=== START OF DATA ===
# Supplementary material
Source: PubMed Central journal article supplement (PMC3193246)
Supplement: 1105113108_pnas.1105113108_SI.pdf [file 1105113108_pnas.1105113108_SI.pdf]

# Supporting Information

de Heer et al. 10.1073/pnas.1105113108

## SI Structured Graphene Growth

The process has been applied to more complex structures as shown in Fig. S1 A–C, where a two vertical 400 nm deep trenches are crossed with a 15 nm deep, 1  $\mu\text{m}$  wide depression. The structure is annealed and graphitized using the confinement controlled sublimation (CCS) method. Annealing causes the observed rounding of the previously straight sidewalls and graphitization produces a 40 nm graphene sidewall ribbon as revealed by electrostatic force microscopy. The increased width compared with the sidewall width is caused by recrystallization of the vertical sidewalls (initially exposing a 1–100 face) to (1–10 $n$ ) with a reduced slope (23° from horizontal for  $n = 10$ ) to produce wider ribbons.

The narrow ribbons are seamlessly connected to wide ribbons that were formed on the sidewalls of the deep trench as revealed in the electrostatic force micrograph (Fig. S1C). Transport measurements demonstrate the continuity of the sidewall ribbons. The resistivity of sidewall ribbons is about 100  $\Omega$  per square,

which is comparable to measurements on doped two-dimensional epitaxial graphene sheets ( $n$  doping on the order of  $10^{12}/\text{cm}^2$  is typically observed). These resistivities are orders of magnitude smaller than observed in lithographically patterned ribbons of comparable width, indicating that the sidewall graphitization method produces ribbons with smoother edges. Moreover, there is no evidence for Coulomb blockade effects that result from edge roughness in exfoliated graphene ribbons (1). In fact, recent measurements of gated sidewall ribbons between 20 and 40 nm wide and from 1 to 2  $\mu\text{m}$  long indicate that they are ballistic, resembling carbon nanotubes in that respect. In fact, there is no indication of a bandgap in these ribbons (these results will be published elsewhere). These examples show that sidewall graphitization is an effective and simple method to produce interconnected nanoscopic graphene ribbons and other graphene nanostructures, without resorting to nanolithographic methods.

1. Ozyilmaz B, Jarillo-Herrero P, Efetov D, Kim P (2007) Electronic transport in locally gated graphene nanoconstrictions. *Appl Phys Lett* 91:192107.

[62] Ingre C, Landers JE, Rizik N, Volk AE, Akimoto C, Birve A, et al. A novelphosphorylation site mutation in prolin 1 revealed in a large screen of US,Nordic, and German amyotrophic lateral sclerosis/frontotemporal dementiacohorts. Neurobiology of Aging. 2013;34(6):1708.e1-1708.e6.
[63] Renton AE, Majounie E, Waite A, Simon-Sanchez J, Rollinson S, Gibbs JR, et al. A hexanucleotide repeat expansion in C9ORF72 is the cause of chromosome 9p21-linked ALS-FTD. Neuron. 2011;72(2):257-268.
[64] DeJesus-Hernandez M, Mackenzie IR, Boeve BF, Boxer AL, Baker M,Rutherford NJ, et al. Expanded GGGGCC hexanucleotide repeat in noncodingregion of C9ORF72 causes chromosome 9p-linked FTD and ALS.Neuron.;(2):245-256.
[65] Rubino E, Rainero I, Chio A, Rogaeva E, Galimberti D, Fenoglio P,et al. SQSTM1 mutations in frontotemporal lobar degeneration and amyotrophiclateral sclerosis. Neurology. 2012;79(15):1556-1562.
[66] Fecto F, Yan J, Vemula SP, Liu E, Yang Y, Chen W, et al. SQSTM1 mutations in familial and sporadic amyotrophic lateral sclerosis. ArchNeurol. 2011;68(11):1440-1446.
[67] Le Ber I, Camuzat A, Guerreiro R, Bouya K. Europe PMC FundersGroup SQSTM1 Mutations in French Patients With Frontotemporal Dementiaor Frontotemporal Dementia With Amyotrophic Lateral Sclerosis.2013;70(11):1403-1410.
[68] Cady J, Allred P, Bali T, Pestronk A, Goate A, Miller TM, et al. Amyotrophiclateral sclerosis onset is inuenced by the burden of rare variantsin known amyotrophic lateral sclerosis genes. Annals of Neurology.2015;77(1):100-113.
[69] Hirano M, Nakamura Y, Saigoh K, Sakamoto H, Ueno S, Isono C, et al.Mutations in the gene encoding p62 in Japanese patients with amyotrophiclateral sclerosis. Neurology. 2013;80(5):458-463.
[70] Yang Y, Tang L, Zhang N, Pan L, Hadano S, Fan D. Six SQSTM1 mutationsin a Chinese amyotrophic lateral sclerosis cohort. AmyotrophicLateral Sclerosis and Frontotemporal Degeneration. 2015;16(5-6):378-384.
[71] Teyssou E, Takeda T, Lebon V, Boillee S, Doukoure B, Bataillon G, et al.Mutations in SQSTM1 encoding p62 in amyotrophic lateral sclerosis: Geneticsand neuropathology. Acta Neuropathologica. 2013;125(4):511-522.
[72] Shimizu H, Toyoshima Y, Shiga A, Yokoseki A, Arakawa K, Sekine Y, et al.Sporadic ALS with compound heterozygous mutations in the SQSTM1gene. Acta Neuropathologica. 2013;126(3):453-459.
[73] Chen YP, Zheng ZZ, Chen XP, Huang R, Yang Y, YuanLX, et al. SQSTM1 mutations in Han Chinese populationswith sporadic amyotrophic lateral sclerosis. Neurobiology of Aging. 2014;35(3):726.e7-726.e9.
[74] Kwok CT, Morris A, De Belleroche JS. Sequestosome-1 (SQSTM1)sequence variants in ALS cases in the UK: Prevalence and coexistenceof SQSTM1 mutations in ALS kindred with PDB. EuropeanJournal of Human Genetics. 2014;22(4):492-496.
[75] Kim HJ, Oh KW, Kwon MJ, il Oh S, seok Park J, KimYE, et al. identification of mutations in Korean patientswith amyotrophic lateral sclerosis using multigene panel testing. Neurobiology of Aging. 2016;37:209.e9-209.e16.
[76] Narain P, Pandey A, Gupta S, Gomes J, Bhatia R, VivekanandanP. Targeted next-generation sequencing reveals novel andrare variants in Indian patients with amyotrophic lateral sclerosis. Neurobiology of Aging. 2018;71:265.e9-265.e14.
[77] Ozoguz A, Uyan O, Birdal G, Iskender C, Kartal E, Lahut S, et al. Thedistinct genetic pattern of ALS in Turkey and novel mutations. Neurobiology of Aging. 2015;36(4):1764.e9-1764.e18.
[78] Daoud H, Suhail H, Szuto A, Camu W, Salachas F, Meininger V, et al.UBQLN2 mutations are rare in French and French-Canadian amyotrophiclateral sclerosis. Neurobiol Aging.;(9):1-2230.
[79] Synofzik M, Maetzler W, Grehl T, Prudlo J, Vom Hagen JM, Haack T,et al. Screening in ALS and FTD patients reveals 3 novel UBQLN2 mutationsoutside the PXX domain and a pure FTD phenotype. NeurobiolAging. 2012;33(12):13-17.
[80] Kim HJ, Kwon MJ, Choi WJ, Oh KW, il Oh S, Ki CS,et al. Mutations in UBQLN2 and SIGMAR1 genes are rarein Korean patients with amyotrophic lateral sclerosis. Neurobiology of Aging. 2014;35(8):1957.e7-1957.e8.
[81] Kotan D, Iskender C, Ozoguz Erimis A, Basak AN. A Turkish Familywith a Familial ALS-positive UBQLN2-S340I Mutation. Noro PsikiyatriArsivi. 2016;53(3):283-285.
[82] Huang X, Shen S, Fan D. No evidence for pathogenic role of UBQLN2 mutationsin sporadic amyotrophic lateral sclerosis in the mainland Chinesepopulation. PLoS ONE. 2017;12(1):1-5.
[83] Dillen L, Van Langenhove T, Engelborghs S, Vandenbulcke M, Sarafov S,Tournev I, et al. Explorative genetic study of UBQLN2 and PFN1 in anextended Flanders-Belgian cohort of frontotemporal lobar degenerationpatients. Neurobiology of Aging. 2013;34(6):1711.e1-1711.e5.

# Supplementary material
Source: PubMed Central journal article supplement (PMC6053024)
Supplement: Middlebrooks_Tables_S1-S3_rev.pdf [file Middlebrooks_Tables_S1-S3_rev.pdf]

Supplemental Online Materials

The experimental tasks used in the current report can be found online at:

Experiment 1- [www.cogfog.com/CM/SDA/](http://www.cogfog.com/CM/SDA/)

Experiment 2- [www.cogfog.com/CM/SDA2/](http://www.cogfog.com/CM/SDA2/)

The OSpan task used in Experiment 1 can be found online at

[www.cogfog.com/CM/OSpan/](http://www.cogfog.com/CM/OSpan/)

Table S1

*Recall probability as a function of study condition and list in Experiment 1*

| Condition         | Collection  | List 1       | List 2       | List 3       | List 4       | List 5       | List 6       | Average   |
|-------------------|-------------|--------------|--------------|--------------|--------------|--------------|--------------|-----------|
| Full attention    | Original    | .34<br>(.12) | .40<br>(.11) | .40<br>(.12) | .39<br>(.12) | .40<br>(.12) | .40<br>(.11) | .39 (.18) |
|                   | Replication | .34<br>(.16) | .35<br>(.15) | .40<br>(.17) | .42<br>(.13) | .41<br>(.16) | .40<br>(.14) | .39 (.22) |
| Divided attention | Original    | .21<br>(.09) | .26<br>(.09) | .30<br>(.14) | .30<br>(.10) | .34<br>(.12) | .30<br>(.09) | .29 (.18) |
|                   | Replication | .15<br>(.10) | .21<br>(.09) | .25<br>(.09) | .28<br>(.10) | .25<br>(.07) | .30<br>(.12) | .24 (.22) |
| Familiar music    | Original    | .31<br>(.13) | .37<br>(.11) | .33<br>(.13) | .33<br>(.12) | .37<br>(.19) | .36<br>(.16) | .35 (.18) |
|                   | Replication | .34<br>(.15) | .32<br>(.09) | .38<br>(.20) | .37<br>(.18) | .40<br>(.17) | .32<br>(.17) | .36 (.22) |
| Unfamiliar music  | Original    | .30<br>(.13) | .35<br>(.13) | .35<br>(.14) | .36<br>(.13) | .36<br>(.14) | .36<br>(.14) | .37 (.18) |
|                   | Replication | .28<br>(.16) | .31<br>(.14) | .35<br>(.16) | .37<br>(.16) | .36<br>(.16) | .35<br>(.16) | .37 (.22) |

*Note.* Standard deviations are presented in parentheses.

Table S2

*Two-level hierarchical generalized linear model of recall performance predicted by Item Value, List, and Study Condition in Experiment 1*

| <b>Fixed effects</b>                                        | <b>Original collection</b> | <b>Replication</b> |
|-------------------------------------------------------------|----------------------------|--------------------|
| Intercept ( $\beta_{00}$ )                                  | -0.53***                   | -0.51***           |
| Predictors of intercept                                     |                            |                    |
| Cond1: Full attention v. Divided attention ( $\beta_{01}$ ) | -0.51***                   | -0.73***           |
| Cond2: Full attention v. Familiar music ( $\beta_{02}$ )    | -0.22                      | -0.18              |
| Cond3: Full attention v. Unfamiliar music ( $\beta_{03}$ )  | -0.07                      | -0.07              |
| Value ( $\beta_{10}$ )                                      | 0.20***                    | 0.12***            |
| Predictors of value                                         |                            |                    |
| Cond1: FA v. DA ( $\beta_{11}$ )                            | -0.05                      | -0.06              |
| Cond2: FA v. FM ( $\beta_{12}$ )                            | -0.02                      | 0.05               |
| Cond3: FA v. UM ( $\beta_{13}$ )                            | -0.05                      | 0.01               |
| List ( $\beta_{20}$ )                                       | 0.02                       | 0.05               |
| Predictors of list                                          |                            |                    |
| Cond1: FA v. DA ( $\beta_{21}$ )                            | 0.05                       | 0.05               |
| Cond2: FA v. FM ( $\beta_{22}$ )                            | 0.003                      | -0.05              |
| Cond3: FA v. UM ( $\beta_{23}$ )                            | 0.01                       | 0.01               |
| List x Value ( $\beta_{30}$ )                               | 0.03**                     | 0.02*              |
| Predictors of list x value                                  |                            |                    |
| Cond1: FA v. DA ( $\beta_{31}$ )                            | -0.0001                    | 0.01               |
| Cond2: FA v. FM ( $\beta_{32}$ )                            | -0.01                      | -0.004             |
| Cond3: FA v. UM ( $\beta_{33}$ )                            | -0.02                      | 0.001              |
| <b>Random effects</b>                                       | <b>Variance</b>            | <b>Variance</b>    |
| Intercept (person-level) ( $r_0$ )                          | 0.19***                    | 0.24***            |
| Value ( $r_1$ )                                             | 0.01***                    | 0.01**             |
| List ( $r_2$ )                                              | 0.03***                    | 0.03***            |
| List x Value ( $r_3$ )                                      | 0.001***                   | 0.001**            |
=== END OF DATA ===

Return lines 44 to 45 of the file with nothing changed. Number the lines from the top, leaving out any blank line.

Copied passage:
| Condition         | Collection  | List 1       | List 2       | List 3       | List 4       | List 5       | List 6       | Average   |
|-------------------|-------------|--------------|--------------|--------------|--------------|--------------|--------------|-----------|